Monthly Archives: January 2011

Tomorrow is the start of the new school year here in South Australia. I'm starting my ninth year at my school and this year will be the main teacher for a class of thirty Year Sixes and Sevens - kids who start the year as 11 and 12 year olds. Composite classes like this are very common in our education system and present additional challenges for teaching and guiding an already wide spread of skills and abilities. Technology helps in meeting that challenge.

I'm usually quite nervous about the first day. This is despite the fact that I am a well established teacher within our school and I have crossed most of these kids' paths numerous times in preceding years in my role as the school's Learning Technologies Coordinator. The old adage of "you only get one chance to make a first impression" is a pretty true one. And the cool part is that we're starting the year in our new building, one of four classes that will work together over the course of the year. I'm lucky to be part of a good team. There are six of us who make up the team and we work hard to provide learning for our students that meets our school's priorities, caters for their needs as emerging adolescents and enables them to take ownership for their own achievements and learning.

One anecdote that I'm quite proud of (and that I'm sharing with you before I've even told my team mates) is a comment that my principal made last year when we were both at a meeting winding up our involvement in a departmental research project. A senior person (who will remain unidentified) was lamenting the state of many schools and was espousing many of the things I've often read on some leading edubloggers' blogs. My boss just shook her head and turned to me and whispered in an (paraphrased) aside, "I'm sick of hearing people like this who haven't been in schools for years telling us that school is no longer relevant any more. She needs to come and look at how engaged our upper primary students are before she makes such sweeping generalisations."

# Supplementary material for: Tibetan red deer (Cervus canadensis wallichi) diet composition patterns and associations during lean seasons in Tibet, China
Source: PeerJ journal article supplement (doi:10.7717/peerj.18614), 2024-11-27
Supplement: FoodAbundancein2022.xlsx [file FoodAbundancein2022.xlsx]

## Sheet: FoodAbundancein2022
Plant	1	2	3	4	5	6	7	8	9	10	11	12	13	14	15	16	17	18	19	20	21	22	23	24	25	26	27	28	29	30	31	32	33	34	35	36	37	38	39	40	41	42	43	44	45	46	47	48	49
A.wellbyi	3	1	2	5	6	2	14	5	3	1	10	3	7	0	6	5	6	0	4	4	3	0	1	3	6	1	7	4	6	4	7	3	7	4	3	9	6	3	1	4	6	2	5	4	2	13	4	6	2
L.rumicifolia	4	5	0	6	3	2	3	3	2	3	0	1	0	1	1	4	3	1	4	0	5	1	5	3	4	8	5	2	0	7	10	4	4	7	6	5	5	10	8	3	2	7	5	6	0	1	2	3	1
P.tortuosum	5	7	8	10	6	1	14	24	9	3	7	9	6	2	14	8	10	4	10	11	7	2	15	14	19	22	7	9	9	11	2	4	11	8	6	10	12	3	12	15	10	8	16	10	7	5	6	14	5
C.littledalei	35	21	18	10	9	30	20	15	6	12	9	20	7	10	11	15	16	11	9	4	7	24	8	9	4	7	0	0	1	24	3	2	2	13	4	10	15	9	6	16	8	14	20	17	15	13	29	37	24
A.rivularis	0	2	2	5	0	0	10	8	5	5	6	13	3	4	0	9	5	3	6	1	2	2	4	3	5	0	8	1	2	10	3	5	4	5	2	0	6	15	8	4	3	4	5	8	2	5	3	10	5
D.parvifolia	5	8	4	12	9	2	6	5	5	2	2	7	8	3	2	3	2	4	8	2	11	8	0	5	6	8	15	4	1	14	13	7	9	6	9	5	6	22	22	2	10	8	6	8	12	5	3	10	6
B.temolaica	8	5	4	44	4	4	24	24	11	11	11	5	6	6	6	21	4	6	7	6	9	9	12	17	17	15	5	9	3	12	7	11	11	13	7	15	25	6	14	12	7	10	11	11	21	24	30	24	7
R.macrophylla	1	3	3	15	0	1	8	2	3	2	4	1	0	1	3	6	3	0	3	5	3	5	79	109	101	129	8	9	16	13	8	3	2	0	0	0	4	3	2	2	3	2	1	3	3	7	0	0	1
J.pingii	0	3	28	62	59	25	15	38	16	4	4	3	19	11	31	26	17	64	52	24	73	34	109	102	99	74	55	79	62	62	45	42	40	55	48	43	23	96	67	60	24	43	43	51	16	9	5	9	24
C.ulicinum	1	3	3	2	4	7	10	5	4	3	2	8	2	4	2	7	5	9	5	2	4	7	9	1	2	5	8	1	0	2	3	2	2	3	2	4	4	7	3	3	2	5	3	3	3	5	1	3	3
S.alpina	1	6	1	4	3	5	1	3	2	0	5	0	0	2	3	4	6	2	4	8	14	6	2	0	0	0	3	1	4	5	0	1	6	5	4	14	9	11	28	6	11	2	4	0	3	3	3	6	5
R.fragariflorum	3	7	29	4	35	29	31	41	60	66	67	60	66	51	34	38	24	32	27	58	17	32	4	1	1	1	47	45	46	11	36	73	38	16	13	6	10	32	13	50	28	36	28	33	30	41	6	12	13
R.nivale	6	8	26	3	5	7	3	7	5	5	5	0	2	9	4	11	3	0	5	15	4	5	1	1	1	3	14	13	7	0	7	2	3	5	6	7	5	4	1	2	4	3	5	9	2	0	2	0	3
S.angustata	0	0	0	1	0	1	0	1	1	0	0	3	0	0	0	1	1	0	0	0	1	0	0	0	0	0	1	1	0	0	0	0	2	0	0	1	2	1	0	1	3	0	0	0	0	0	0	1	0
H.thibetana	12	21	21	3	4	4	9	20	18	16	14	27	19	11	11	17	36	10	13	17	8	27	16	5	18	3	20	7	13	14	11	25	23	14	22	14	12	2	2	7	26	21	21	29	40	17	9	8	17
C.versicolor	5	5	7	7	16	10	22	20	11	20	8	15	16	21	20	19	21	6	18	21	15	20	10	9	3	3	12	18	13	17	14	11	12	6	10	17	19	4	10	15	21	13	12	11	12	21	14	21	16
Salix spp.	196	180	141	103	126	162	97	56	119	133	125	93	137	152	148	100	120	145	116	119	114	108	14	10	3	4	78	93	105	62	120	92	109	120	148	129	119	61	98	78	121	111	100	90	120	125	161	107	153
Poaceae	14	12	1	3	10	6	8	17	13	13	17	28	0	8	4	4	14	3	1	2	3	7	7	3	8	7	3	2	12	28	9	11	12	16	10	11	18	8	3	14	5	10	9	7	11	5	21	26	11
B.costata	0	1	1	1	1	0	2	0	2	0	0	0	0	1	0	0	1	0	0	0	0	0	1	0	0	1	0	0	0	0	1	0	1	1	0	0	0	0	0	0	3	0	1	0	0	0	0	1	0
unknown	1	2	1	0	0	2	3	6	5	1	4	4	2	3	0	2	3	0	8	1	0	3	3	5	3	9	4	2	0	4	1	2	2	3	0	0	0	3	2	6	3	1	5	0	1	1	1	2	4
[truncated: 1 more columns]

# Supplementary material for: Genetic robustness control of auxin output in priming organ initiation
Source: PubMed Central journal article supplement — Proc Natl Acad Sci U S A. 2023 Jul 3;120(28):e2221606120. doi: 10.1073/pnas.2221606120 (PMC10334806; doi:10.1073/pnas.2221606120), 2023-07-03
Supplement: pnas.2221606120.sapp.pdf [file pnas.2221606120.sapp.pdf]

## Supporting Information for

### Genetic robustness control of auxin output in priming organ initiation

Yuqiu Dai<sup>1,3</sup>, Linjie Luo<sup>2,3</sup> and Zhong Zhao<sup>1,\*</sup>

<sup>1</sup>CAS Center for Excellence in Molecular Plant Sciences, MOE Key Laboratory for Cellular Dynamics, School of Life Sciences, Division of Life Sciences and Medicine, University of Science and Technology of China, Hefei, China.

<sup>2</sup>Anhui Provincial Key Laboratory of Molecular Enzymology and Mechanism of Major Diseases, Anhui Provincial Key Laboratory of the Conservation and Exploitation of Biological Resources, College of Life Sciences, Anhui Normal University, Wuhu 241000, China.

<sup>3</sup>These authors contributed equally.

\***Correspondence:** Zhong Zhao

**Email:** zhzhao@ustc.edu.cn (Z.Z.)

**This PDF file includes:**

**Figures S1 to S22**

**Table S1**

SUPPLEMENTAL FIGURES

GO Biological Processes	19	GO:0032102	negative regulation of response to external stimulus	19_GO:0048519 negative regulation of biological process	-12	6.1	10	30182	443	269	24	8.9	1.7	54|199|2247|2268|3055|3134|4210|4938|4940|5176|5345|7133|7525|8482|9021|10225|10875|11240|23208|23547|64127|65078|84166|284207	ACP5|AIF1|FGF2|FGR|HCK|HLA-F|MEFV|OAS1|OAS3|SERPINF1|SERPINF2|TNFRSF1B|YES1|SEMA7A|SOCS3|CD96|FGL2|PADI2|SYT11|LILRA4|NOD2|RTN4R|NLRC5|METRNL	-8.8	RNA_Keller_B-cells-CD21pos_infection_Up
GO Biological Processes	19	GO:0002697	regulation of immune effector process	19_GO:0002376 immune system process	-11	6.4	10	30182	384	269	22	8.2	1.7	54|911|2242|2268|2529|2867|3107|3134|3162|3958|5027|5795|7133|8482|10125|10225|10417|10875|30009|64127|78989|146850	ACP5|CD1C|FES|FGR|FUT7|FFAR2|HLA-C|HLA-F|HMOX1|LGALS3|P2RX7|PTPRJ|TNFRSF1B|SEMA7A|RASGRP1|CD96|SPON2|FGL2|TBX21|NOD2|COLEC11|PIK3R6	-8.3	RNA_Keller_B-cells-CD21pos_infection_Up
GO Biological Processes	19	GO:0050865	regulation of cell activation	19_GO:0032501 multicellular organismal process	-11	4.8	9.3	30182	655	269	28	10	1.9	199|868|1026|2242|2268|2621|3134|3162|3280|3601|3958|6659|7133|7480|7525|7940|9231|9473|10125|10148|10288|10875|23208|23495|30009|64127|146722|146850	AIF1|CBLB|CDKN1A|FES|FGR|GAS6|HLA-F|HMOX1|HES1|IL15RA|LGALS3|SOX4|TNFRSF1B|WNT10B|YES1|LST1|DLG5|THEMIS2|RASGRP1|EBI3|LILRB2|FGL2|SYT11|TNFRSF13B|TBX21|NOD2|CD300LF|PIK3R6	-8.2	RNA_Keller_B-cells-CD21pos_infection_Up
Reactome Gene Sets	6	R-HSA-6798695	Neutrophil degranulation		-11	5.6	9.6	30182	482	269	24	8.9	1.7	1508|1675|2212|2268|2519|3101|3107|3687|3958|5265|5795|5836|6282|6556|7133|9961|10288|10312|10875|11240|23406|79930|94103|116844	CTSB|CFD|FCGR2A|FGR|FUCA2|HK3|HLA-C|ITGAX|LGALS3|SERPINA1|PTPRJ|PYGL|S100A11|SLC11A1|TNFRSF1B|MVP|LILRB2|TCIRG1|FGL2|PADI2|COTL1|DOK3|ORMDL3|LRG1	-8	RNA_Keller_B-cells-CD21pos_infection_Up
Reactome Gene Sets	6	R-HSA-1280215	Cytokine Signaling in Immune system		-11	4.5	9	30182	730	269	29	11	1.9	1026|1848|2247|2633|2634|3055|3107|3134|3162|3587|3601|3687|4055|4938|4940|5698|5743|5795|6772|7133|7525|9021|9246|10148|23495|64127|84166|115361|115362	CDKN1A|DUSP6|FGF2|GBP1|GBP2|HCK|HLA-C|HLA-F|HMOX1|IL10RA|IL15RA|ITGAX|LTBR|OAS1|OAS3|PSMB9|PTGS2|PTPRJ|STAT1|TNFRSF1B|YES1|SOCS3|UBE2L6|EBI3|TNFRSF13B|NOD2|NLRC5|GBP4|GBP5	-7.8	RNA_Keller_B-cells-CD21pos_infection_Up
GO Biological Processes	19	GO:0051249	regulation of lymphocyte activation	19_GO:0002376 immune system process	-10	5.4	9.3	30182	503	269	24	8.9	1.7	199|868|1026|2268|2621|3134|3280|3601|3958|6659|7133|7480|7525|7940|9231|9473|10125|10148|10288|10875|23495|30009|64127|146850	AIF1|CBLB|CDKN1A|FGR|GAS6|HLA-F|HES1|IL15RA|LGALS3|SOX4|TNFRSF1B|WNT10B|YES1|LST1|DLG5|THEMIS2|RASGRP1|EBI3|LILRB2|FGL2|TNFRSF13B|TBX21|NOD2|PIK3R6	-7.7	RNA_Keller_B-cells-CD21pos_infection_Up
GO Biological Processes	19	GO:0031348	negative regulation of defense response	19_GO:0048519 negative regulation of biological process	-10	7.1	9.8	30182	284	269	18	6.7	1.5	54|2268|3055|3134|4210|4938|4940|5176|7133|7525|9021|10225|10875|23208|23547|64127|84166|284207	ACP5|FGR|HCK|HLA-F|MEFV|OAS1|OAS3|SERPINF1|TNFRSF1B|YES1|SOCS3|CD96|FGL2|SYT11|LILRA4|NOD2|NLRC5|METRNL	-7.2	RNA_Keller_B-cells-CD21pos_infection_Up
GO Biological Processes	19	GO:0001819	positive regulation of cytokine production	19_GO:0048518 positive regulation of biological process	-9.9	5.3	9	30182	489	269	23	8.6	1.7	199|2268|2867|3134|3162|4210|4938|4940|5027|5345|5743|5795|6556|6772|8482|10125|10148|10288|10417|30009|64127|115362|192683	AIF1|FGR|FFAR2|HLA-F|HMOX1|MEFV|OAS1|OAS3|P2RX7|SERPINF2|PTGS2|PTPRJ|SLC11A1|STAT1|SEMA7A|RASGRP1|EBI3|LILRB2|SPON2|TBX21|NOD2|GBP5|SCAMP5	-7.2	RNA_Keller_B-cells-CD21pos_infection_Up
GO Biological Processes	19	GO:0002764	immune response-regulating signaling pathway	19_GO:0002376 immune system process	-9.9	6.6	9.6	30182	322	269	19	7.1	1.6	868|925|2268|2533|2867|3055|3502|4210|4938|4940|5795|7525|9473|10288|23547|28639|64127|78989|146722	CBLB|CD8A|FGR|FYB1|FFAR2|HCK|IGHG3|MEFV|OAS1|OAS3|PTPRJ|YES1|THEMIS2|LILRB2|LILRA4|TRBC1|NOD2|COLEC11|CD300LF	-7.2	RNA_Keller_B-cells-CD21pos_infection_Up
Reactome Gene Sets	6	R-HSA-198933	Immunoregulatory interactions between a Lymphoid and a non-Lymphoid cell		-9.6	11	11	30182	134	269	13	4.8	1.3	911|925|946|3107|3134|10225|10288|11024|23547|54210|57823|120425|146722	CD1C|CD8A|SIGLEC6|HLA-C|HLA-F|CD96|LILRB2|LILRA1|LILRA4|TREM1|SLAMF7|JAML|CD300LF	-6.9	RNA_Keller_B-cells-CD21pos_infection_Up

To make a team work well, it starts with an openness and a willingness to share. We use a wiki to do this. Using the wiki isn't the amazing part but the sharing and cross-pollination that occurs because of it is. I decided to dump paper based classroom and curriculum planning back in 2008 in favour of the digital and persuaded my classroom neighbour Maria, and my tandem partner, Kim to join in on the fun in 2009. What we found was that we could clearly see how each other planned to cover specific content and concepts, we could poach ideas and resources from each other and as a result, our two classrooms became more consistent in nature. Parents could see that the two classes were in unison and that all of the teachers were on the same page. We used the wiki to create new initiatives and used an embedded chat box to thrash out many issues and clarify directions on many a night. A wiki doesn't do this - it takes committed educators willing to be more open with each other - but the technology overcame the obstacles of needing to be face to face and simplified the hit-and-miss method of emailing documents for incremental collaboration. By the way, the wiki is private. We're practising being more open - but just with each other.

So, I've posted up my schedule for tomorrow, including links to the Getting To Know You activity and a Vimeo video I'm using as a writing prompt. The others can see where I'm going and I can see how they plan to start the year with their classes. My new partner is newer to this methodology as Kim has increased time to take on her own class and I have less Coordinator time for 2011 necessitating a change in our team structure. Now we operate and plan as a four class team where innovation isn't something that just one class gets because of the teacher in front of them. My next challenge is to work what how Edmodo can add to this mix.

Via ReadWriteWeb, news of a service called Qwiki that "combines speech-to-text and assembled multi-media to create little slideshows based on Wikipedia entries".

Although like Animoto, all of the heavy lifting is done for you, this tool has some potential in the classroom. There's all sorts of talk around the need for primary school students to have "digital literacy" skills and be able to extract meaning from more than just text, and I could see Qwiki as a way of introducing a topic, analysis of a concept, making reading Wikipedia more engaging, assisting kids with reading difficulties and looking at how the actual Qwiki could be improved to effectively communicate about its topic.

For example, I did a quick search for Australia Day.

When it finishes, it shows a number of related Qwiki shows that can help add context to the original, like the Day Of Mourning or even why Geoffrey Blainey's point of view was quoted. While this tool should not substitute effective research, I think that students would find it a useful starting point for topical research within a number of curriculum areas.